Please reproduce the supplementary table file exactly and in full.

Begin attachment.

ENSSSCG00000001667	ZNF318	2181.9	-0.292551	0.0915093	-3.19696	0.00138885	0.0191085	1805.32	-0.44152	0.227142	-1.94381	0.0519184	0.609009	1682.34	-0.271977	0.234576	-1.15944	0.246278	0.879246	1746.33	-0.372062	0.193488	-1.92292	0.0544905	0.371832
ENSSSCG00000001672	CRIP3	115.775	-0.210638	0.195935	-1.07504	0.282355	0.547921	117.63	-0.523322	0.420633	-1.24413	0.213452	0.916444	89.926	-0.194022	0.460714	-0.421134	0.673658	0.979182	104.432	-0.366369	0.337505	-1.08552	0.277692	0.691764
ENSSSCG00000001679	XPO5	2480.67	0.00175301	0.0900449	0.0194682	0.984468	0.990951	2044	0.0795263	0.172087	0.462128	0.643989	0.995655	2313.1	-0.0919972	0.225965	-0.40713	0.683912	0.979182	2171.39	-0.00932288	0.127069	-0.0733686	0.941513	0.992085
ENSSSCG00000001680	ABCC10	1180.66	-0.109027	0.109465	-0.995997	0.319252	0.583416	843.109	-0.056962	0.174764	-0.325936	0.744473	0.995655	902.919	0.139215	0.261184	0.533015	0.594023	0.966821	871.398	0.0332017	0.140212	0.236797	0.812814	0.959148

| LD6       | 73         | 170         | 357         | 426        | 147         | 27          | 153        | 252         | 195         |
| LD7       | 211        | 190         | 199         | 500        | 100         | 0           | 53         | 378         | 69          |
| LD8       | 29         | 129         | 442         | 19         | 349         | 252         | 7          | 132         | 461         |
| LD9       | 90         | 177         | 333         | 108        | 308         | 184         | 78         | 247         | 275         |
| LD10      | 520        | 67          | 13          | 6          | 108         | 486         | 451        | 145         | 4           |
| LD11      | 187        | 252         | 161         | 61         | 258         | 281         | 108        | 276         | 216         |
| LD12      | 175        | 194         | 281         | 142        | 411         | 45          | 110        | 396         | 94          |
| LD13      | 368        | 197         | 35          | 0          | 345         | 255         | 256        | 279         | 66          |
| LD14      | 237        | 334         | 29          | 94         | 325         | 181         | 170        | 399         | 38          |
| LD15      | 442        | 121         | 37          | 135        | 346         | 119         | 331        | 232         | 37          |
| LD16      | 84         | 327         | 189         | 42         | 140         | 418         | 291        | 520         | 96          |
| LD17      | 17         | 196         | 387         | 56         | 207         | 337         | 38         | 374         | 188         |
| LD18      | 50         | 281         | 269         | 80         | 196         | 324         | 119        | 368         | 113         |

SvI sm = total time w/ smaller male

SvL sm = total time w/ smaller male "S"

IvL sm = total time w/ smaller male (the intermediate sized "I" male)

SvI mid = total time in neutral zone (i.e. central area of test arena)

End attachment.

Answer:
ENSSSCG00000001667	ZNF318	2181.9	-0.292551	0.0915093	-3.19696	0.00138885	0.0191085	1805.32	-0.44152	0.227142	-1.94381	0.0519184	0.609009	1682.34	-0.271977	0.234576	-1.15944	0.246278	0.879246	1746.33	-0.372062	0.193488	-1.92292	0.0544905	0.371832
ENSSSCG00000001672	CRIP3	115.775	-0.210638	0.195935	-1.07504	0.282355	0.547921	117.63	-0.523322	0.420633	-1.24413	0.213452	0.916444	89.926	-0.194022	0.460714	-0.421134	0.673658	0.979182	104.432	-0.366369	0.337505	-1.08552	0.277692	0.691764
ENSSSCG00000001679	XPO5	2480.67	0.00175301	0.0900449	0.0194682	0.984468	0.990951	2044	0.0795263	0.172087	0.462128	0.643989	0.995655	2313.1	-0.0919972	0.225965	-0.40713	0.683912	0.979182	2171.39	-0.00932288	0.127069	-0.0733686	0.941513	0.992085
ENSSSCG00000001680	ABCC10	1180.66	-0.109027	0.109465	-0.995997	0.319252	0.583416	843.109	-0.056962	0.174764	-0.325936	0.744473	0.995655	902.919	0.139215	0.261184	0.533015	0.594023	0.966821	871.398	0.0332017	0.140212	0.236797	0.812814	0.959148

| LD6       | 73         | 170         | 357         | 426        | 147         | 27          | 153        | 252         | 195         |
| LD7       | 211        | 190         | 199         | 500        | 100         | 0           | 53         | 378         | 69          |
| LD8       | 29         | 129         | 442         | 19         | 349         | 252         | 7          | 132         | 461         |
| LD9       | 90         | 177         | 333         | 108        | 308         | 184         | 78         | 247         | 275         |
| LD10      | 520        | 67          | 13          | 6          | 108         | 486         | 451        | 145         | 4           |
| LD11      | 187        | 252         | 161         | 61         | 258         | 281         | 108        | 276         | 216         |
| LD12      | 175        | 194         | 281         | 142        | 411         | 45          | 110        | 396         | 94          |
| LD13      | 368        | 197         | 35          | 0          | 345         | 255         | 256        | 279         | 66          |
| LD14      | 237        | 334         | 29          | 94         | 325         | 181         | 170        | 399         | 38          |
| LD15      | 442        | 121         | 37          | 135        | 346         | 119         | 331        | 232         | 37          |
| LD16      | 84         | 327         | 189         | 42         | 140         | 418         | 291        | 520         | 96          |
| LD17      | 17         | 196         | 387         | 56         | 207         | 337         | 38         | 374         | 188         |
| LD18      | 50         | 281         | 269         | 80         | 196         | 324         | 119        | 368         | 113         |

SvI sm = total time w/ smaller male

SvL sm = total time w/ smaller male "S"

IvL sm = total time w/ smaller male (the intermediate sized "I" male)

SvI mid = total time in neutral zone (i.e. central area of test arena)